Sunday 8 February 2015

#UKGENERALELECTION2015 Is The Least Predictable In Recent Years

The arrival of six-party politics and an idiosyncratic general election result will “revive the debate about electoral reform”, according to one of Britain’s foremost polling experts.

Whereas elections used to be fairly predictable, with one of the two main parties prevailing and the Liberal Democrats rarely winning more than a handful of seats, this May’s election is agreed by many to be the most unpredictable in history, with the Scottish National Party set to take Labour seats and Ukip potentially getting the third most votes. 
In “The Lottery Election”, a report commissioned by the Electoral Reform Society (ERS) and published tomorrow, Professor John Curtice identifies a number of situations where a slight shift in the vote could result in a huge difference in the composition of the House of Commons.

The situation is so delicate that the SNP could secure a small number of seats – or more than 50, which would make it the third-biggest party.
Labour could also secure an overall majority with a lower share of the vote than any single- party government in history. Unequal constituency sizes mean that Tories might need a lead of at least seven points to form a Government without the support of another party.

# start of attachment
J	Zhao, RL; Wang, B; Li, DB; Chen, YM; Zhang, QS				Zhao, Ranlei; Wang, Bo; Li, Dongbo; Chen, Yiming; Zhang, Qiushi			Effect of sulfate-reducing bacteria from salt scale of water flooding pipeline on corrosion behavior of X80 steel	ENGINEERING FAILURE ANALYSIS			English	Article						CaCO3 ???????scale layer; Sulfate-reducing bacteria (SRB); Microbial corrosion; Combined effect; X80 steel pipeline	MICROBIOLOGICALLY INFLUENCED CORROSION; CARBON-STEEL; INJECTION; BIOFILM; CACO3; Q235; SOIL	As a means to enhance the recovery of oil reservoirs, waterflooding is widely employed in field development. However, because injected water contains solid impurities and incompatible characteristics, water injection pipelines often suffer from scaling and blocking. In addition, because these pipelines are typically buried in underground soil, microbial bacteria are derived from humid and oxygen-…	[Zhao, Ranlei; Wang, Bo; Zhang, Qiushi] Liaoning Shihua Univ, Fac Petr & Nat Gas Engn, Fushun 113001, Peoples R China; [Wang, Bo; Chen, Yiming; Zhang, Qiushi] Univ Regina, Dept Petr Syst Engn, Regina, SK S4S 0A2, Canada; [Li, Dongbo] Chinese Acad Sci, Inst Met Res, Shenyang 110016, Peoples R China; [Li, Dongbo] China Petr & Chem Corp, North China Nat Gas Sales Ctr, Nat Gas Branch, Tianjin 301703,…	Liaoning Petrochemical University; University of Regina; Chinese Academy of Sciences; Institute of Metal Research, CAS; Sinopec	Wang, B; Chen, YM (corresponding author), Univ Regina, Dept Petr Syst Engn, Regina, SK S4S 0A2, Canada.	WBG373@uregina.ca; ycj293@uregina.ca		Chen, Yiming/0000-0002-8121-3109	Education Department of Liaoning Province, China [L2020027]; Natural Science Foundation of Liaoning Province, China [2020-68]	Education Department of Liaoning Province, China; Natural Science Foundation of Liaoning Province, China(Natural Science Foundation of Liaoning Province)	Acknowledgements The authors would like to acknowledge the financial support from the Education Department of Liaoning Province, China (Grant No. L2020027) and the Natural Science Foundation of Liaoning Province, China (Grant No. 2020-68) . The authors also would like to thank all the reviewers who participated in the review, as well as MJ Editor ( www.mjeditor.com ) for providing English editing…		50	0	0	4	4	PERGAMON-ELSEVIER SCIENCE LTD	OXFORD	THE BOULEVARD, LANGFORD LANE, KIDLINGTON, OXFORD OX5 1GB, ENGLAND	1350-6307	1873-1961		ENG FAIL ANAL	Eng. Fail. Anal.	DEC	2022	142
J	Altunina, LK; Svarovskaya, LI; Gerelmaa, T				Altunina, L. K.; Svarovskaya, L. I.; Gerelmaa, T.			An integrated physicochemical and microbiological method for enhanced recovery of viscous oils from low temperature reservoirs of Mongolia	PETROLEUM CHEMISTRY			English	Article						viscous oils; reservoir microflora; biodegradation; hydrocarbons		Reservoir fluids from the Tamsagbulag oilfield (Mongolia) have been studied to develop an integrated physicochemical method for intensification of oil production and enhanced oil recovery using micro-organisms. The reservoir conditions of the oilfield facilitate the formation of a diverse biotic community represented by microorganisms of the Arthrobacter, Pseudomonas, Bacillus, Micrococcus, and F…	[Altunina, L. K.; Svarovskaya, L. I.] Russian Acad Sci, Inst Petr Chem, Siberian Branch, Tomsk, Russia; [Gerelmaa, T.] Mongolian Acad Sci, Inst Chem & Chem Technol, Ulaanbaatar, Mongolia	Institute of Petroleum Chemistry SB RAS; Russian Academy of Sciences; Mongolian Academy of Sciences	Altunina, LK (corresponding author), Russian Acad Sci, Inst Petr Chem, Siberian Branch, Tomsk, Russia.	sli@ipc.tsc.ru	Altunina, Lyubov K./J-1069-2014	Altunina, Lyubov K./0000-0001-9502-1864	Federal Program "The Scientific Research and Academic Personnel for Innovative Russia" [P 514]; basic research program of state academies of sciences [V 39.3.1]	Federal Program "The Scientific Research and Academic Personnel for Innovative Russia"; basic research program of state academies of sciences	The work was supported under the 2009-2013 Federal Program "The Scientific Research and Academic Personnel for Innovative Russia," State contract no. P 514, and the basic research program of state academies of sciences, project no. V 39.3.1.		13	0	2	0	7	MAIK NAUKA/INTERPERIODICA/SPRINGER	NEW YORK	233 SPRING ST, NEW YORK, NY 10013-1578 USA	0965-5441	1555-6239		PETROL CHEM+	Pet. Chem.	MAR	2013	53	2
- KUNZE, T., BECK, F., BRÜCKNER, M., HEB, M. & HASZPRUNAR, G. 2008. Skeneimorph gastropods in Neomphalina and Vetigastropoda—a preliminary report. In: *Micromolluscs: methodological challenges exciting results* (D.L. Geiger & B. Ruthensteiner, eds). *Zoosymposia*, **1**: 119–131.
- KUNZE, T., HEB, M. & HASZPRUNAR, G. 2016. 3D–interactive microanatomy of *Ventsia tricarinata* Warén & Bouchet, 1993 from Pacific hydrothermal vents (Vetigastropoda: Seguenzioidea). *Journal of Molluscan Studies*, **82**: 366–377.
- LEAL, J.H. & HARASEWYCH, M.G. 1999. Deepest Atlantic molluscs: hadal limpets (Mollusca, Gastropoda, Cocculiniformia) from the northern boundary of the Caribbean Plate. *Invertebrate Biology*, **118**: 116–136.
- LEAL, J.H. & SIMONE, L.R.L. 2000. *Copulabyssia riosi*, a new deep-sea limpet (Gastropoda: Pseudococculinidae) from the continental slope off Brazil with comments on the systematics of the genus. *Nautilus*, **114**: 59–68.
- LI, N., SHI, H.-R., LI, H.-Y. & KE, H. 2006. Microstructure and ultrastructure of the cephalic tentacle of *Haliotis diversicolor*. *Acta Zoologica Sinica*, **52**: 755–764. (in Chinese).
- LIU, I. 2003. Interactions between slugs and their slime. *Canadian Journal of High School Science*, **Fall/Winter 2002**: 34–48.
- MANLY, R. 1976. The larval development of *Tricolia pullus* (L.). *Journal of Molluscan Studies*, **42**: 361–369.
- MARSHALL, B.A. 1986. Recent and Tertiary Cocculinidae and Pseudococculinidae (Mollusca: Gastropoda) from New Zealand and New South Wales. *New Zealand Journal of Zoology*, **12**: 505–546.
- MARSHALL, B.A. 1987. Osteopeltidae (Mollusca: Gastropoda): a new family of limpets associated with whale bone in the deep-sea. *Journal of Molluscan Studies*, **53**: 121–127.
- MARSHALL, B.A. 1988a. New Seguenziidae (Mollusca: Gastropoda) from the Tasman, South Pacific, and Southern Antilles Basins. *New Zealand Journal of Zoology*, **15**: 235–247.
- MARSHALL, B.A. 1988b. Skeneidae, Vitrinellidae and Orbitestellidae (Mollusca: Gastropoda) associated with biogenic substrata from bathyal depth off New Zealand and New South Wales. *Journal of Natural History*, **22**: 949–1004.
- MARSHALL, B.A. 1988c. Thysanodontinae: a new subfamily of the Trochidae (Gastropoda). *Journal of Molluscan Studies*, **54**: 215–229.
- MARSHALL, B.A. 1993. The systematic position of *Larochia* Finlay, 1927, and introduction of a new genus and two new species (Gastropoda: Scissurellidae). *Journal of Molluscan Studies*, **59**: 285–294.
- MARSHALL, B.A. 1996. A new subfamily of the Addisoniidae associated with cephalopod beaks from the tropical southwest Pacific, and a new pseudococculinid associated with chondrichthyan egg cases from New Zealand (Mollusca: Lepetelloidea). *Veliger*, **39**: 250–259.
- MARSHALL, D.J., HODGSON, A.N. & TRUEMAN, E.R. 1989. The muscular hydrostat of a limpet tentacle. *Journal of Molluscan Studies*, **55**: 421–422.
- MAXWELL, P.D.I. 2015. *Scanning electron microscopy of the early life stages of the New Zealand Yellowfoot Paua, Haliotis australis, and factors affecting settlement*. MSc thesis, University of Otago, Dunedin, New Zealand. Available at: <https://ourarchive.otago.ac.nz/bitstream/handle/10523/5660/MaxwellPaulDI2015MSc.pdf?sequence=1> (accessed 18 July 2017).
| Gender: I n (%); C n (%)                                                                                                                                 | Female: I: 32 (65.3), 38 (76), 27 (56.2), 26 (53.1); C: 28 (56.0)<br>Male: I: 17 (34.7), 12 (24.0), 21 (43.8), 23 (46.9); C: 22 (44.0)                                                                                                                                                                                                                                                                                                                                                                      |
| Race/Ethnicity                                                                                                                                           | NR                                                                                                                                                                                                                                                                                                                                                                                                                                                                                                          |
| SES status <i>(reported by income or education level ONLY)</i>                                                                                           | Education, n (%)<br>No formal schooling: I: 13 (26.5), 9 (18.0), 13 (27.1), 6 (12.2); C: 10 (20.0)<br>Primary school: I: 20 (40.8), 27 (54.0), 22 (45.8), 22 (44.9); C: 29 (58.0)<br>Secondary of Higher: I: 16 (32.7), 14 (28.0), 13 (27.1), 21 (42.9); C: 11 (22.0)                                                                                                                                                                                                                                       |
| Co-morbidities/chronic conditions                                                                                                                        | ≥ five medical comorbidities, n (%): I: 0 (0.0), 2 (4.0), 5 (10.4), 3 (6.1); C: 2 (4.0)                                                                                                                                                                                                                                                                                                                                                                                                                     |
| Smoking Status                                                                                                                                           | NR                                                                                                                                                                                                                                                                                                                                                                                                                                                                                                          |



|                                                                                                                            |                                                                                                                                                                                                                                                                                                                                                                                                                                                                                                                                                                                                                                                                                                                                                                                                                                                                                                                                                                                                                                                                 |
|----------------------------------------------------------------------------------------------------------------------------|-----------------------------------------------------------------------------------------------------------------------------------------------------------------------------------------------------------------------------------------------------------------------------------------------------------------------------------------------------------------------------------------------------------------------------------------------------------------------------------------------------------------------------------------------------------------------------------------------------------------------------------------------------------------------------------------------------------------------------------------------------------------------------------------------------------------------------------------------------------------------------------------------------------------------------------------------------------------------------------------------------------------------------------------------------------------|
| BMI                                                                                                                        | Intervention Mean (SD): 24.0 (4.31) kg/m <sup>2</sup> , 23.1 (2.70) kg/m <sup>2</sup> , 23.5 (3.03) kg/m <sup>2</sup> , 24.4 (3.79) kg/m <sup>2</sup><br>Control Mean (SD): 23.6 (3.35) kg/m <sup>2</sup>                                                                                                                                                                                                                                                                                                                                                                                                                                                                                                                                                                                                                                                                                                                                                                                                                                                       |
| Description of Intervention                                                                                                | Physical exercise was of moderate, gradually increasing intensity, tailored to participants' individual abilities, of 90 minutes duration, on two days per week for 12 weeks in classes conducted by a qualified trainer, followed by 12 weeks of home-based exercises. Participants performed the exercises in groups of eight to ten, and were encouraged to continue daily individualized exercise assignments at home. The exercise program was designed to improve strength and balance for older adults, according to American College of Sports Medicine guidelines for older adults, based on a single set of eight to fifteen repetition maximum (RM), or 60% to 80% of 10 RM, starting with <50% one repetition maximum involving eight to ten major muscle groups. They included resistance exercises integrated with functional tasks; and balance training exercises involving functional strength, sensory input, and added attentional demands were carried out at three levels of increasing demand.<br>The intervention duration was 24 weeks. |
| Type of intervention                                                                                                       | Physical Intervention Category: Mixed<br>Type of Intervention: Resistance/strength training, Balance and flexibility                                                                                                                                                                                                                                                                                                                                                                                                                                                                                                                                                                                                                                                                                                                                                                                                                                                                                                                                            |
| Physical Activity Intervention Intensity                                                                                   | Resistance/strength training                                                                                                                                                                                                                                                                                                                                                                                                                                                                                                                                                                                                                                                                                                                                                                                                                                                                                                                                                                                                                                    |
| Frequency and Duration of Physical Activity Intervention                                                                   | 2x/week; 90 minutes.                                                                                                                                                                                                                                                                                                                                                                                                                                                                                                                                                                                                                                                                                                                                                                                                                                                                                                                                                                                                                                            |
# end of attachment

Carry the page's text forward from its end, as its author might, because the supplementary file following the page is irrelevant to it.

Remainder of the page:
The report says: “Despite the continued use of an electoral system that is supposed to ensure that one party has an overall majority, a hung Parliament looks as likely an outcome as an overall majority, if not more so.”
Research by public relations firm Hanover Communications and polling group Populus yesterday put the chances of a second consecutive hung Parliament at 94.5 per cent. This is remarkable given that the current Government is the first coalition since the Second World War, and that the last election before 2010 to fail to establish an outright winner was in 1974.

“A second failure of the First Past the Post system to deliver an overall majority ... could in itself be expected to revive the debate about electoral reform,” the report says. Professor Curtice found that a fairly traditional analysis of the polls would suggest a 43-seat Labour lead over the Tories, with just 13 SNP and Plaid Cymru victories. 

However, the changing nature of SNP support means this could be a 30-seat Labour lead, with the two nationalist parties winning 56 seats.
Professor Curtice’s model suggests that even with 13 per cent of the vote, Ukip could outpoll the Lib Dems but end up with far fewer seats. He has also established Norwich South, currently held by Lib Dem Simon Wright, as the Green Party’s best hope for a second MP.

Darren Hughes, the ERS’s deputy chief executive, hopes that the chaotic election will mean the current voting system is “revealed for what it is – a relic from another age”.
The ERS wants changes to the voting system to be part of an overhaul of British politics established by a constitutional convention later this year. Scotland is set to get a raft of powers in a fresh devolution package, and the Conservatives want English MPs to have what amounts to a veto over laws that only affect England.

Labour and the Lib Dems want a constitutional convention, which has the support of the ERS and Unlock Democracy. These parties and groups, as well as the Greens and academics, met in Parliament last month to start thrashing out how this convention would work.


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